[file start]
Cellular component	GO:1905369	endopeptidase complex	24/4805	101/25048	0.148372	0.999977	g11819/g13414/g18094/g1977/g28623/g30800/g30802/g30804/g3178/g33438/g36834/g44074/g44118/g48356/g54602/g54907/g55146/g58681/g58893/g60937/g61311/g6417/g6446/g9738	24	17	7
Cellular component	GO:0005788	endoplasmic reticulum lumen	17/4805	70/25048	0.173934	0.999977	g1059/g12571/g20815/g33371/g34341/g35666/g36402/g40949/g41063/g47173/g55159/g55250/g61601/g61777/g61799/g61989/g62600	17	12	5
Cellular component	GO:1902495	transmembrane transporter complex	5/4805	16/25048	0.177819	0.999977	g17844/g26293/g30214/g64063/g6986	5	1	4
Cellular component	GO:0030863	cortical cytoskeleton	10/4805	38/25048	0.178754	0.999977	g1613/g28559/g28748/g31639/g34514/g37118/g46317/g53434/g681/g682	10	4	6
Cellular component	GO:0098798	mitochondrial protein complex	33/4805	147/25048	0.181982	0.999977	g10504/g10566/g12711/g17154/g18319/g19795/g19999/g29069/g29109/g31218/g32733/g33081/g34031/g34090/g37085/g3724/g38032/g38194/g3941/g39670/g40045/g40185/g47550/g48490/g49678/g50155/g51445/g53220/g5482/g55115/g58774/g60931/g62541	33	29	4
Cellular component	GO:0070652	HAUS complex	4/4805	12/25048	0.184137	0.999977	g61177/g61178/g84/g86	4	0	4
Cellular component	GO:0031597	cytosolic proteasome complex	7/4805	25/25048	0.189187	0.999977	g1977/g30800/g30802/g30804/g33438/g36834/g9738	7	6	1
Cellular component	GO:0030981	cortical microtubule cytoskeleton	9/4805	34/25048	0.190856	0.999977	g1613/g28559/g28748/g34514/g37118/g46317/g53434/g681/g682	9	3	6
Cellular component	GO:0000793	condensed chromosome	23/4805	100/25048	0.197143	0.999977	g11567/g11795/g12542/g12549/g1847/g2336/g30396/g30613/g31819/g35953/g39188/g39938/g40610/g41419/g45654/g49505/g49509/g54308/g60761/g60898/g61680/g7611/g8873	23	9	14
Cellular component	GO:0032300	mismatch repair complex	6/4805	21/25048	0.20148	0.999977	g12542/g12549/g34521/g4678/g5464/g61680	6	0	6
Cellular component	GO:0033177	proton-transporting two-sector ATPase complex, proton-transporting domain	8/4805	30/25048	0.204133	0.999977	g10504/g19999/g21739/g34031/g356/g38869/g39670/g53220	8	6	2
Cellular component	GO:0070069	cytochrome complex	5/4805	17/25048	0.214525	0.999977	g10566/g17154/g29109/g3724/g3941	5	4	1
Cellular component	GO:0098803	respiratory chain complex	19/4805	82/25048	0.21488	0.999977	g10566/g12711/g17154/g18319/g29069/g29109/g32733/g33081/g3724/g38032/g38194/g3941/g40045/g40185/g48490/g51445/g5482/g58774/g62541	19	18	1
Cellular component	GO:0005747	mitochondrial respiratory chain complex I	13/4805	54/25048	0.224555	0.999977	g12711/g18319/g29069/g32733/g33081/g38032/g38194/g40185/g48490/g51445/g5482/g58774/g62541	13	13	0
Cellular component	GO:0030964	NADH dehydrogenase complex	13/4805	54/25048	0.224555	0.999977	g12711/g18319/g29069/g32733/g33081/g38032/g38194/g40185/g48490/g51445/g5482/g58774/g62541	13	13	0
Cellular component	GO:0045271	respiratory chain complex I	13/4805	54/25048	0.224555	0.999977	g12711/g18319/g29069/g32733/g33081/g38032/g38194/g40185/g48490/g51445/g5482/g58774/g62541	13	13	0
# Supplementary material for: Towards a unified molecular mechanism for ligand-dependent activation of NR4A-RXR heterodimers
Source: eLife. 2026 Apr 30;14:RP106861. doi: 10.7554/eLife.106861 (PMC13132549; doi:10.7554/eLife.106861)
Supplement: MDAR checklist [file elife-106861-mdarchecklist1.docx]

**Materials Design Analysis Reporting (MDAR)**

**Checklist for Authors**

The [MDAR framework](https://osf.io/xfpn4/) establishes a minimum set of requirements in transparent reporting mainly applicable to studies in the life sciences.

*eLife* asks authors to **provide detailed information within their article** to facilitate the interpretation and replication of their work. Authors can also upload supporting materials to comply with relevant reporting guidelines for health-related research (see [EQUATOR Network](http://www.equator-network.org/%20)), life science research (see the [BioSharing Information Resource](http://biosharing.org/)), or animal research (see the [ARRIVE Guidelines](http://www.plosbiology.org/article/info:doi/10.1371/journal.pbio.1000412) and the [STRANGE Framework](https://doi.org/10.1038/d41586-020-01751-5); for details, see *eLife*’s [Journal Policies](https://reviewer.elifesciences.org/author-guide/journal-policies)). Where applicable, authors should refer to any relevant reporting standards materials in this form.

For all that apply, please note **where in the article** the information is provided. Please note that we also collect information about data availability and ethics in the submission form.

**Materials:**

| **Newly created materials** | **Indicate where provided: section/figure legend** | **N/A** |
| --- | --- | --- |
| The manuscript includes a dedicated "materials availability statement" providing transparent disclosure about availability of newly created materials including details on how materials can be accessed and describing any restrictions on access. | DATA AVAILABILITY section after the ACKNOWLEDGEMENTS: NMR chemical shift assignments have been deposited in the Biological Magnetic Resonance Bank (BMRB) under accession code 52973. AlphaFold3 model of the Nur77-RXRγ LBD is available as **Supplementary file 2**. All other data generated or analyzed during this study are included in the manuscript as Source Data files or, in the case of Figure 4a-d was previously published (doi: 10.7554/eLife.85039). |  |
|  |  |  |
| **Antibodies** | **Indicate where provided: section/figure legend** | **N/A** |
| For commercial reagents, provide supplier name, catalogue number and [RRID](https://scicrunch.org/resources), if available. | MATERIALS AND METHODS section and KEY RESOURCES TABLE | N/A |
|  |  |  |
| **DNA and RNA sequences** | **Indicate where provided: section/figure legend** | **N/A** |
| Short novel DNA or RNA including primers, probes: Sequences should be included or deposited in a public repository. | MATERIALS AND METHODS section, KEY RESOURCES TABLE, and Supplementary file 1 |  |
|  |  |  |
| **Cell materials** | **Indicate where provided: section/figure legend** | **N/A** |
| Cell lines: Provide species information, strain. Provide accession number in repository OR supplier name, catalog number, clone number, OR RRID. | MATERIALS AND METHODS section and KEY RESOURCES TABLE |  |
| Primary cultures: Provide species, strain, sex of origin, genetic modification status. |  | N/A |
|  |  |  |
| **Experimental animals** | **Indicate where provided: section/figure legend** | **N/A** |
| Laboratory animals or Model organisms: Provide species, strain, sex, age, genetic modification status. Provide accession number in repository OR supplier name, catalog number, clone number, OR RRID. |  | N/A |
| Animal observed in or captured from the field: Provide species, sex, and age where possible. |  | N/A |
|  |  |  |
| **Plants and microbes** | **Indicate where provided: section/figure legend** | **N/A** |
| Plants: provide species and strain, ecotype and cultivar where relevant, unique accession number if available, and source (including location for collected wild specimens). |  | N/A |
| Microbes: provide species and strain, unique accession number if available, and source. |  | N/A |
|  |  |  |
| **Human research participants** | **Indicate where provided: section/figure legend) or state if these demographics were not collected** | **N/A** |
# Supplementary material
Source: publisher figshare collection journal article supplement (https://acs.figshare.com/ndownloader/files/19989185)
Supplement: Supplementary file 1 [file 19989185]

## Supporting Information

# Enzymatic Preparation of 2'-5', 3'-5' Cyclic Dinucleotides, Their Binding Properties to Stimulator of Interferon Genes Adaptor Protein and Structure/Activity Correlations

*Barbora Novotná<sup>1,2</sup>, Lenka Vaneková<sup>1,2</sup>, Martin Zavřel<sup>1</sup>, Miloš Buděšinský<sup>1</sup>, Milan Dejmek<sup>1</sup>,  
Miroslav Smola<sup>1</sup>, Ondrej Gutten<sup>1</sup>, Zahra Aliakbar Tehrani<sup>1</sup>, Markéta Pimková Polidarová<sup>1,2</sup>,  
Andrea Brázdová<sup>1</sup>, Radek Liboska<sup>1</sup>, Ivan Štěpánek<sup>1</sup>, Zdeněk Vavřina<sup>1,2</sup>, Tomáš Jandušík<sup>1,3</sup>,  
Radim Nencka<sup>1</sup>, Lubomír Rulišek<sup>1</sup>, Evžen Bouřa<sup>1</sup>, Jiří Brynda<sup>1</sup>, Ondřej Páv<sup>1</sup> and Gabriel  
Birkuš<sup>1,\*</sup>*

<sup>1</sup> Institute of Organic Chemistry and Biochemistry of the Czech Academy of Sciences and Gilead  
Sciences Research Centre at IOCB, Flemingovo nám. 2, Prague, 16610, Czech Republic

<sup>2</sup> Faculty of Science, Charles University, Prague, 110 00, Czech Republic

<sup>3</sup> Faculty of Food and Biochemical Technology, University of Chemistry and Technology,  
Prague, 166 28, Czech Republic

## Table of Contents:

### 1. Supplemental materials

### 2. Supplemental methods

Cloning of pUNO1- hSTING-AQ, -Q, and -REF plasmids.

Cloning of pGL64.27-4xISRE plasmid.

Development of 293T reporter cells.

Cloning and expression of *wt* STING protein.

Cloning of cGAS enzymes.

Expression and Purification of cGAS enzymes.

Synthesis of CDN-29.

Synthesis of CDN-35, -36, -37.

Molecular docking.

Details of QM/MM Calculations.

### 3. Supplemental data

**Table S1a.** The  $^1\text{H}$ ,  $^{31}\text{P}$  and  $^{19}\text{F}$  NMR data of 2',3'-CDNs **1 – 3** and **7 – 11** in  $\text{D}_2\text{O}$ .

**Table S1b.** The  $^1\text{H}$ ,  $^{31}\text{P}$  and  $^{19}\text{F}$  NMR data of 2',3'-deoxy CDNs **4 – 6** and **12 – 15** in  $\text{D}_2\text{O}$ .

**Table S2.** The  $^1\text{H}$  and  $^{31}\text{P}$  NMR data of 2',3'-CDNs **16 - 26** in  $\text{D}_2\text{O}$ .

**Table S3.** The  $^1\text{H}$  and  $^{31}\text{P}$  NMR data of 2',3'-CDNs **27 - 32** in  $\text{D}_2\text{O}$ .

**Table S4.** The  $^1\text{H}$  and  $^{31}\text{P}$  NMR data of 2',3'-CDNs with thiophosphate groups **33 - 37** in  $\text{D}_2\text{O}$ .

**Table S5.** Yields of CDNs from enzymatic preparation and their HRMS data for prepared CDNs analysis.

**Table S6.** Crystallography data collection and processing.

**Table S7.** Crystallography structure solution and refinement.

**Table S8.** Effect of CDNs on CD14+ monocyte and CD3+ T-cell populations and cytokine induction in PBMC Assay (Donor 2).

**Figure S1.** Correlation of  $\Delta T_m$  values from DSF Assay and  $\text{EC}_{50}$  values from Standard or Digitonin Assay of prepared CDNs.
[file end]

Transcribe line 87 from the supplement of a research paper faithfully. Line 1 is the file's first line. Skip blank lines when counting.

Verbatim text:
**Figure S1.** Correlation of  $\Delta T_m$  values from DSF Assay and  $\text{EC}_{50}$  values from Standard or Digitonin Assay of prepared CDNs.